User RBAC on Kubernetes Simplified

A useful tool to get you going using minikube on Windows

Kubernetes supports the concept of user accounts and service accounts. In a nutshell, Role-Based Access Control (RBAC) is used to protect and control access to the Kubernetes API. Here how the accounts are broken down:

  • user accounts are for humans (e.g. k8s admins) that need access to the Kubernetes API
  • service accounts are for applications (e.g. pods) that need access to the Kubernetes API

As usual, here is a link to the official documentation: https://kubernetes.io/docs/reference/access-authn-authz/service-accounts-admin/

What we are going to do is provide a quick way to help you understand how RBAC works with users and a script to help simplify your life.

You have just hired your 1st Systems Engineer named “dar”, with another 2 new hires starting in a few weeks. You now need to enforce some basic security so that not everyone has keys to everything.

Because we are working with both minikube on Windows and a Linux client, I will provide examples on how to use scripts for both versions. I don’t have access to MacOS right now or else I’d offer that too.

Both examples will require you to clone this repo:

https://github.com/airwavetechio/kubernetes-rbac

From your existing Kubernetes client, run this command because you will need the Kubernetes Master address in the next step.

kubectl cluster-info

For Windows

First, install openssl using chocolately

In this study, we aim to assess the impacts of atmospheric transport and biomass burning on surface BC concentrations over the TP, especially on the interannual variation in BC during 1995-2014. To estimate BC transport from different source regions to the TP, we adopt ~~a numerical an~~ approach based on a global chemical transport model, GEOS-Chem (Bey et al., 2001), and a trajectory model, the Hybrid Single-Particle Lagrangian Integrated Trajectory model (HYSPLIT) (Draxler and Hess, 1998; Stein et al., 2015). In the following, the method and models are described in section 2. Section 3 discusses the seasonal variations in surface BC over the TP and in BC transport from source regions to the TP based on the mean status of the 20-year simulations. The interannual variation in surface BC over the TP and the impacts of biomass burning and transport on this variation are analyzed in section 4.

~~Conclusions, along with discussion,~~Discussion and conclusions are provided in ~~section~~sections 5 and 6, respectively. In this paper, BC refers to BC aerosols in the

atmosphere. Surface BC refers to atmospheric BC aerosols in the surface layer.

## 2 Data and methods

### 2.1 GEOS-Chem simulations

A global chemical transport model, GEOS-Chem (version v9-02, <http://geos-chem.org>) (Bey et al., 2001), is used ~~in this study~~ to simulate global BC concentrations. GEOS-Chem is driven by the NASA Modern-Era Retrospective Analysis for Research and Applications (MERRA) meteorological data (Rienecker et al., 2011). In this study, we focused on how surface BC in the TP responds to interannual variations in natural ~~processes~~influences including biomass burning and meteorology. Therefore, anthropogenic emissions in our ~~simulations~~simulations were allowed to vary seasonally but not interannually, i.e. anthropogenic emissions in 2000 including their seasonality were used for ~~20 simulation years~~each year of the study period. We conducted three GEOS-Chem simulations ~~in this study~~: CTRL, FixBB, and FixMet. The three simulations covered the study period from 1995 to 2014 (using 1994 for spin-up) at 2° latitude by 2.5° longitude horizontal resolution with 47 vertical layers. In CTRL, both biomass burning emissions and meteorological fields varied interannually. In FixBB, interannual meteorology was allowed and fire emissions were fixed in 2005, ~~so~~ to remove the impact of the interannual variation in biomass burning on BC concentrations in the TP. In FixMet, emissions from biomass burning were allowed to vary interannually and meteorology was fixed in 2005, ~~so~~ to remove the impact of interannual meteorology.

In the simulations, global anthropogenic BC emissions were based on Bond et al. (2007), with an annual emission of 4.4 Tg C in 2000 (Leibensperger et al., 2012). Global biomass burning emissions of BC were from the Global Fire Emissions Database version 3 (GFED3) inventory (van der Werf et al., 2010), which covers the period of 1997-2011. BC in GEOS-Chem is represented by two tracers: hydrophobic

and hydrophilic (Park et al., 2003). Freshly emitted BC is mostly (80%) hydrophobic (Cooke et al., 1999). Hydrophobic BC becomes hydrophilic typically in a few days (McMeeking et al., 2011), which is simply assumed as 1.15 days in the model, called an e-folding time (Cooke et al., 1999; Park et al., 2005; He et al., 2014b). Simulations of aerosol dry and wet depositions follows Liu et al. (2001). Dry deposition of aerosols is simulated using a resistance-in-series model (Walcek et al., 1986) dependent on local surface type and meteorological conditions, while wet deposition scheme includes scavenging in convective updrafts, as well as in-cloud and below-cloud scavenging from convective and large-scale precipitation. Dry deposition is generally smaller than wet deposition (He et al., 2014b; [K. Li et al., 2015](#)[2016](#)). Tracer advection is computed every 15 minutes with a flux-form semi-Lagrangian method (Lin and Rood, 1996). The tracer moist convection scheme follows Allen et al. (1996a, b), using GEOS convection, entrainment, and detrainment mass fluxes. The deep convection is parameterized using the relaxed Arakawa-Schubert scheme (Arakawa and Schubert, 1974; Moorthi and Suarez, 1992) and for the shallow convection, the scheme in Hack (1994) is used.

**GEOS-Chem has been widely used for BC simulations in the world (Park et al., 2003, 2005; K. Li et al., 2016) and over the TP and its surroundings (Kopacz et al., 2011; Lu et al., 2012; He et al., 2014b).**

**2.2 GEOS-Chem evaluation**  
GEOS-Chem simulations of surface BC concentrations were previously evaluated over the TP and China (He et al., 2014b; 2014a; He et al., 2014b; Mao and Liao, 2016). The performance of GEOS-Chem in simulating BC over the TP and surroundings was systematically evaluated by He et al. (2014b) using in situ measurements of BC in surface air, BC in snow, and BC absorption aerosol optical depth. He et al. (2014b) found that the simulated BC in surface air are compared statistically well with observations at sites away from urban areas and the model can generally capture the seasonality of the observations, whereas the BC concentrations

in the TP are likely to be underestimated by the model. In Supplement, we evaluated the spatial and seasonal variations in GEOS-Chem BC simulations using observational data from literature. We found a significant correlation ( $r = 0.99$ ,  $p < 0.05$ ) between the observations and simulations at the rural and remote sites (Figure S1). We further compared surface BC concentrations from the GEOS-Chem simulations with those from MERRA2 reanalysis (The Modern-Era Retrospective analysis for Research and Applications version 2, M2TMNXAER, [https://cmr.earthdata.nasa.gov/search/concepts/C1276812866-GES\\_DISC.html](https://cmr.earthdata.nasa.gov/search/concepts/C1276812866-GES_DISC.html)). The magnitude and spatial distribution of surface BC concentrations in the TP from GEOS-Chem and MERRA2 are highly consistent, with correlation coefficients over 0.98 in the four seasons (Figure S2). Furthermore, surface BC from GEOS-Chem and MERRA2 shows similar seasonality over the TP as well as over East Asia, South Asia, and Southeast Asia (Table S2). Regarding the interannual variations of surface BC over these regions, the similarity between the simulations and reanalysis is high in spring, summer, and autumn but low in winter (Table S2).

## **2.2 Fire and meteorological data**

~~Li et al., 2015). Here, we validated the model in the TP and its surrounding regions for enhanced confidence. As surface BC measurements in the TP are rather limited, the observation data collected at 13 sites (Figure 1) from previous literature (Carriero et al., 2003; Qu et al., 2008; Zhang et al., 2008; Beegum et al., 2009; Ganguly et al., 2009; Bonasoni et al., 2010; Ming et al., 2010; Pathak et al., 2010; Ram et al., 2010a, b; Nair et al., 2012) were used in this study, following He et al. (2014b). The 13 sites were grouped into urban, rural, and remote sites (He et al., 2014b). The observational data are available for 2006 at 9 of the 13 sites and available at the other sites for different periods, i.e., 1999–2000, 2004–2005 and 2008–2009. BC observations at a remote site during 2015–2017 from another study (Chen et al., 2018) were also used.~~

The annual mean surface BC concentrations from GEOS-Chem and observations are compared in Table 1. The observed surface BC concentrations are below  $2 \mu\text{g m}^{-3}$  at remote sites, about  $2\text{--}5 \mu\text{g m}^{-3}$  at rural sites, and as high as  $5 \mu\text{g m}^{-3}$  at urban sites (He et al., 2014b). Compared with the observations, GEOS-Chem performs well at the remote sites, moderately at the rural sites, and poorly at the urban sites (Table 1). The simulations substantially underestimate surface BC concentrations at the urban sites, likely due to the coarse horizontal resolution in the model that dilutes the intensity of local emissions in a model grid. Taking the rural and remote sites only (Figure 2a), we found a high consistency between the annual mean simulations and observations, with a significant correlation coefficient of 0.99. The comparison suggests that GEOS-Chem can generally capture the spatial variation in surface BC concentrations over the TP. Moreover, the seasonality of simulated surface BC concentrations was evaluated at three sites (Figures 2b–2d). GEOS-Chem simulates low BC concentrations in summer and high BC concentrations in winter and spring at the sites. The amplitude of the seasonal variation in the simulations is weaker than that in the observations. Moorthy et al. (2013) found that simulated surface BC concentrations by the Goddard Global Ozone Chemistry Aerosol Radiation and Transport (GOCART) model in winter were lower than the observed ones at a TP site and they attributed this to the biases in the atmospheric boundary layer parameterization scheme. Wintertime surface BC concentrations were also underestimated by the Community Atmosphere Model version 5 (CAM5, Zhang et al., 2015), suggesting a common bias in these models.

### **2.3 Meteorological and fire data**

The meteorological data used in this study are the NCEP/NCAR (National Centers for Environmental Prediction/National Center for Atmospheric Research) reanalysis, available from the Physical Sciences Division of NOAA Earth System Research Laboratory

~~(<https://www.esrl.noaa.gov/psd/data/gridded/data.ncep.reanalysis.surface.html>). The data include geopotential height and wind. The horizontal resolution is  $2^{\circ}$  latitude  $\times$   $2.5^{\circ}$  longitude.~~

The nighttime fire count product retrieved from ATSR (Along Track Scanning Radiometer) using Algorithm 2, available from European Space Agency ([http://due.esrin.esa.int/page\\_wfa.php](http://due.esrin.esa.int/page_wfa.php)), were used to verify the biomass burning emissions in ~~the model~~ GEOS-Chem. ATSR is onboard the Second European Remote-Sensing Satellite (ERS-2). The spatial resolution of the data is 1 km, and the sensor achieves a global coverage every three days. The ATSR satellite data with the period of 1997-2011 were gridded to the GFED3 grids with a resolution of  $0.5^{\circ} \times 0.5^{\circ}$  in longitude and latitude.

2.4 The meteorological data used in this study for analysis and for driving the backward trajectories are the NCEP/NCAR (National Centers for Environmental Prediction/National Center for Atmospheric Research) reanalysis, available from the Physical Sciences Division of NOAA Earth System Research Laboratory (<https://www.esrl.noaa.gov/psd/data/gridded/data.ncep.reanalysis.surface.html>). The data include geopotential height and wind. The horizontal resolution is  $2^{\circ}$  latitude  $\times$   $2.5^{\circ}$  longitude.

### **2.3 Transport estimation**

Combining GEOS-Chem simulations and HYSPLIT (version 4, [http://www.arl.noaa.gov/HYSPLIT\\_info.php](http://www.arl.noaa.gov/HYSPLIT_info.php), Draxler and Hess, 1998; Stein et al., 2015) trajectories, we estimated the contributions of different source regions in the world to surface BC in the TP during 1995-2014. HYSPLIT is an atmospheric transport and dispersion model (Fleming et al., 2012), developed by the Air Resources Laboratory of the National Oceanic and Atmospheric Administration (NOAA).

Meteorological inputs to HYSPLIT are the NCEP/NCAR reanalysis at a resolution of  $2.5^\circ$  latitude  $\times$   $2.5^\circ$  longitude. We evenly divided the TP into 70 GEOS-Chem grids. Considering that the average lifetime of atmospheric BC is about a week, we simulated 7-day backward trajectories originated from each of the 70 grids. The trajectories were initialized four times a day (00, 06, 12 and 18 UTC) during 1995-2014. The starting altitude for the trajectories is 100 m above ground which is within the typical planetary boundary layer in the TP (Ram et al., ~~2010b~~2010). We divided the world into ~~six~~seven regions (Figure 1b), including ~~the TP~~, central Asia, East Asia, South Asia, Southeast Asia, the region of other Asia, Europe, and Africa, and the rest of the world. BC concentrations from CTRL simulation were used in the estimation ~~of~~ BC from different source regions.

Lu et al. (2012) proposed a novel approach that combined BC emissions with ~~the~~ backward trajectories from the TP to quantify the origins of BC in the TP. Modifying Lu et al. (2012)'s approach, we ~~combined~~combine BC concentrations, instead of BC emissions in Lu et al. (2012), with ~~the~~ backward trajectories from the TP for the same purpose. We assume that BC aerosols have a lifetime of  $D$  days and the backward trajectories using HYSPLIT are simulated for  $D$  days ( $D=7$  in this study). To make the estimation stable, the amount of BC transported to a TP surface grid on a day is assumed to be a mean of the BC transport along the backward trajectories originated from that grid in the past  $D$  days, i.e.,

choco install openssl.light
Make sure you reboot after you install OpenSSL

After you reboot your computer, run this batch file to generate the proper user certificates and config files

kubernetes-rbac\k8s_usergen.bat <username> <group> https://SERVER_IP:PORT

For Linux

apt-get install openssl

Run this bash script to generate the proper user certificates and config files

./kubernetes-rbac/k8s_usergen.sh <username> <group> https://<SERVER_IP>:<PORT>

BOTH

You will end up with files in

./kubernetes-rbac/users/<username>/

WIndows file output
Linux file output

What just happened?

We had in our possession the Kubernetes .crt and .key files. In my example, I’m assuming those files are in C:\Users\Tony\.minikube (my default installation of minikube using Chocolately) but you can change that variable inside of the script to fit your env. We used those Kubernetes .crt and .key files to sign a new set of User .crt and .key files as shown above. The .crt and .key file are then used to create a config file. The kubectl config file is now ready for distribution, but hold off on that for now.

We’ve just created a user’s cert and Kubernetes config on your local machine. Before we continue, we need to set up the test namespace airwave-rbac because when we apply the next few .yml files, they will need to be applied to this namespace.

kubectl apply -f namespace.json

We want to create a role called airwave-rbac-su-role that will allow only certain read-only privileges of resource pods for group “superusers”.

Excerpt from https://raw.githubusercontent.com/airwavetechio/kubernetes-rbac/master/rbac-user-rolebinding.yml

We need to apply the role and bindings to the Kubernetes cluster so that it knows that the group “superusers” has access.

kubectl apply -f rbac-user-rolebinding.yml

Service Account (User/Group) > Role Binding > Role

GROUPS

Taking a timeout out from the use case for a moment, I wanted to talk about Kubernetes RBAC Groups. I initially thought I could add a user to a group, and then bind a Role or a ClusterRole to that group. I was so wrong! Simply put, whatever rules/options you want to set, be sure those choices have a concept of Groups since Kubernetes doesn’t have a native user/group feature.